The demurrer of this defendant, owner of the building, was sustained as to counts one and two, without leave to amend, and he filed his answer to count three of the complaint. The plaintiff contends the ruling on the demurrer as to counts one and two was erroneous. The plaintiff sought to introduce evidence that in leasing to L. Ferro Produce Co., the owner and the sublessors consented to and permitted the use of the premises and sidewalk in front of the store for the storage and sale of produce. He also sought to introduce evidence of ordinances prohibiting the use of the sidewalk for such purposes. The trial court excluded the offered evidence. Whether a nuisance was thereby created was a question for the jury under proper instructions. If the plaintiff could show that the owner acted affirmatively in the creation or maintenance of a nuisance, or authorized or permitted such a nuisance, or such a nuisance resulted from the ordinary use of the premises by the tenant, or from the purposes for which they were let, the owner would be liable. ( Rider v. Clark, 132 Cal. 382, 387 [ 64 P. 564]; Meloy v. City of Santa Monica, 124 Cal.App. 622, 627 [ 12 P.2d 1072].) The plaintiff was entitled to go to trial on the tendered issues and any defense thereto, and the trial court erroneously sustained the defendant Vranizan's demurrer to counts one and two charging negligent maintenance and nuisance.
 In the third cause of action it was charged that at the time of the accident the sidewalk was in a dangerous condition; that such dangerous condition was caused by dangerous construction of the sidewalk, and that it existed since its construction to and including the first day of July, 1940, with the knowledge and consent of the defendant city and county of San Francisco. Vranizan testified that he constructed the sidewalk in 1908 in compliance with the city's specifications. His was the only testimony in the record with reference to the construction of the sidewalk. The action of the trial court in granting the motions of all of the defendants for a nonsuit as to the third cause of action was therefore proper, there being no substantial evidence to sustain the allegations of that count.
THE DEFENDANTS VINCI, SUBLESSORS.
 The plaintiff sought to introduce the same evidence as to the defendants Vinci, tenants of Vranizan and the lessors under the sublease to L. Ferro Produce Co., under which he contended that the owner and the sublessors authorized and permitted the creation and maintenance of the alleged nuisance on the sidewalk, and which was ruled out by the trial court. The remarks and conclusions pertinent to the disposition of the rulings on the owner's demurrer to the first and second counts are applicable here. The trial court erred prejudicially in precluding the introduction of evidence as to affirmative action or consent on the part of the sublessors in the creation or maintenance of the alleged negligent condition or nuisance. The issues in this connection also were properly for the jury's determination. The court therefore erroneously granted these defendants' motion for nonsuit as to those issues.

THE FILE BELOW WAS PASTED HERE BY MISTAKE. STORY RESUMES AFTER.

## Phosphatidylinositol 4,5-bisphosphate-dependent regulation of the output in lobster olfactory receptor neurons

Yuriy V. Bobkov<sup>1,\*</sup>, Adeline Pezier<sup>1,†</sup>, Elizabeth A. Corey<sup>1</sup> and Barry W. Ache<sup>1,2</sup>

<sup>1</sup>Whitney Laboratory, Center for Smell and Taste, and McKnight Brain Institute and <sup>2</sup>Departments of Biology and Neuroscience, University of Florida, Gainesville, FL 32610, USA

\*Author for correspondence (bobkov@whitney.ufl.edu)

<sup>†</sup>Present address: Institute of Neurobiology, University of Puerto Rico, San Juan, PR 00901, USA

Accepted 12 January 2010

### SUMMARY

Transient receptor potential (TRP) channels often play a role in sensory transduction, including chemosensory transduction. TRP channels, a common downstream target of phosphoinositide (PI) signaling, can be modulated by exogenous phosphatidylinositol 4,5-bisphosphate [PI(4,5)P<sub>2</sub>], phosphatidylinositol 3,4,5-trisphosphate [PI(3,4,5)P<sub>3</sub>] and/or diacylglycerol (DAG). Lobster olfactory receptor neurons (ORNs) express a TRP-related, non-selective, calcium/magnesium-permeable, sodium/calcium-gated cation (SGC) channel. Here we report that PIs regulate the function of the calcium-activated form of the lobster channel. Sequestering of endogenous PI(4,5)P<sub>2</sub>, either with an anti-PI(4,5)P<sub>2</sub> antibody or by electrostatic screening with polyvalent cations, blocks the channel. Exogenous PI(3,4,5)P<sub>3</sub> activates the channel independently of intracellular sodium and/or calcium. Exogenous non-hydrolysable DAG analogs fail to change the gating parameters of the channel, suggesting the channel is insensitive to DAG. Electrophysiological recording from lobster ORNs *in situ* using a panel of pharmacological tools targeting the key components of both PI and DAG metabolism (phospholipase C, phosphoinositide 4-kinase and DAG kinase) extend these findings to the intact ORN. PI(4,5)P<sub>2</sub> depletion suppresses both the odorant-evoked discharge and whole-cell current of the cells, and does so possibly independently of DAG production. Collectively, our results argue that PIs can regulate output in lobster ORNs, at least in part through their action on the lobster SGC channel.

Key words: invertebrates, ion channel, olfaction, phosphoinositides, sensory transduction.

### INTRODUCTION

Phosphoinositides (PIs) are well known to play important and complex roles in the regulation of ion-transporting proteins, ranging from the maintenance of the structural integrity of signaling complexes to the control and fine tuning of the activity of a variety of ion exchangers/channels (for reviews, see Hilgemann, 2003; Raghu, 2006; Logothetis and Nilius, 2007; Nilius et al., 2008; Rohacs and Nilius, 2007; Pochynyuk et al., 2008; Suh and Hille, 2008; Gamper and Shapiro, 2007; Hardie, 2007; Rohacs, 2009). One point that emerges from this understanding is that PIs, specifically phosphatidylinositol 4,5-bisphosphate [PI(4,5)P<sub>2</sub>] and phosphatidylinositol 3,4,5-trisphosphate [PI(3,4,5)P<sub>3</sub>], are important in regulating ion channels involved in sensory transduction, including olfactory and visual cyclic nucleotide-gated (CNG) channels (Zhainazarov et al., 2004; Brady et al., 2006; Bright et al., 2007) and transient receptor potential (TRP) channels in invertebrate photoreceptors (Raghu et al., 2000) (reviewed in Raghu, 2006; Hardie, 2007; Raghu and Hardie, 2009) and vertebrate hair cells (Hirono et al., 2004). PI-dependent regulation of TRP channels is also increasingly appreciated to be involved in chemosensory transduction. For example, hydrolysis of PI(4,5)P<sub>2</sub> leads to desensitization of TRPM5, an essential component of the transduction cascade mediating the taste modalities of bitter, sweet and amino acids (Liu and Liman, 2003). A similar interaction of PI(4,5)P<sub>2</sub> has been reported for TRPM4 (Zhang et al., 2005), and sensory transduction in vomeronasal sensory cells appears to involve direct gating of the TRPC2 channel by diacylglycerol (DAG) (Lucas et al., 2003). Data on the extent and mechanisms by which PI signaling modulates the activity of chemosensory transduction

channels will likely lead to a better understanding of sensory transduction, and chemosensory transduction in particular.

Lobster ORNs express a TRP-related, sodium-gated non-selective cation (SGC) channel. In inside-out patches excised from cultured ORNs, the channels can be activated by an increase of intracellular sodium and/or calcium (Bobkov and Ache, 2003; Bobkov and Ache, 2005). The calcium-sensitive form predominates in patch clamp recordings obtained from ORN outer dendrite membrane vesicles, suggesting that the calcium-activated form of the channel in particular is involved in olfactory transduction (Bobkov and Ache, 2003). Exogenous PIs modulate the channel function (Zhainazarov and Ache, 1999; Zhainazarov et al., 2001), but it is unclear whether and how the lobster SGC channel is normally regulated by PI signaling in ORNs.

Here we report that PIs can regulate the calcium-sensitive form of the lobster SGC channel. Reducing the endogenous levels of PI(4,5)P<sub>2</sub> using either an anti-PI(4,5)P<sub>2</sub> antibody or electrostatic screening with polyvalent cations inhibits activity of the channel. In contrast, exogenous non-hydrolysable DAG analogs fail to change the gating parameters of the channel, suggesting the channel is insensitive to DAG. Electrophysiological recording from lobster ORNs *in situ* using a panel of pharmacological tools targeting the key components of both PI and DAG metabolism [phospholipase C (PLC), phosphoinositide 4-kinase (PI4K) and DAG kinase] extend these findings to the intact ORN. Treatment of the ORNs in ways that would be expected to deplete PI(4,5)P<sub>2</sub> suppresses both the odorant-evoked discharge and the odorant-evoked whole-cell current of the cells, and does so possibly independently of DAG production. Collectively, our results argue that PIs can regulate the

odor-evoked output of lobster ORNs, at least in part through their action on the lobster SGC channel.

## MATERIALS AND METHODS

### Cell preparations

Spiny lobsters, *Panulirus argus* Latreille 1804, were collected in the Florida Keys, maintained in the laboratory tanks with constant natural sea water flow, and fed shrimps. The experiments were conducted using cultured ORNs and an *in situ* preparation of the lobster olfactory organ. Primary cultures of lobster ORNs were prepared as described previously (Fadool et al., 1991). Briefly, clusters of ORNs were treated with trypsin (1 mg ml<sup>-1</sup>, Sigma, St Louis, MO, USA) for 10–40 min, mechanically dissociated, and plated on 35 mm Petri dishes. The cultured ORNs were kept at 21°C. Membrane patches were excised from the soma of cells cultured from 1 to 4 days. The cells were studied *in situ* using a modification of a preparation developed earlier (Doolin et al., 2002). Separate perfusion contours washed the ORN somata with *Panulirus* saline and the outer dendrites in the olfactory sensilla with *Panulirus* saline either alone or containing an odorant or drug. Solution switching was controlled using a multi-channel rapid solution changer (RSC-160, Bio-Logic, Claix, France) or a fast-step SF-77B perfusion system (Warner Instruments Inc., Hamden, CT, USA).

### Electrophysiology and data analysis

THE DEFENDANT CITY AND COUNTY OF SAN FRANCISCO.
[4a] The remaining question is whether the plaintiff produced evidence sufficient to bring the city and county of San Francisco within the provisions of the Public Liability Act.
The plaintiff alleged the filing and rejection of a claim against the city, and notice to the city of the alleged dangerous or defective condition of the sidewalk. The granting of the city's motion for nonsuit was erroneous if there was evidence of a dangerous or defective condition, also of notice or knowledge on the part of the city that a dangerous or defective condition existed, that the city had reasonable time after such notice or knowledge within which to remedy the condition, and that injury to the plaintiff resulted by reason thereof. (Stats. 1923, p. 675, § 2.)
It was in evidence that the hole in the sidewalk was 2 to 2 1/2 inches deep, 3 or 4 to 5 or 6 inches wide at the north end, 2 inches wide at the south end, and about 12 inches long, and that it had existed for four or five years. The plaintiff passed over this particular sidewalk at least four times a day for approximately two weeks prior to the accident, but had not previously noticed the hole. The Inspector of the Bureau of Engineering of the city and county testified that it was his duty to inspect sidewalks, that his district included the sidewalk in question, that he inspected this sidewalk in December of 1939, six months prior to the plaintiff's injuries, that at that time he saw nothing in the condition of the sidewalk to cause him to send a notice to the owner to repair it, and that he perceived no condition which was a hazard to pedestrians. He also testified, however, that if he had seen a hole of the dimensions in evidence and as pictured in the photographs shown to him, he would have considered it hazardous and would have sent a notice to repair.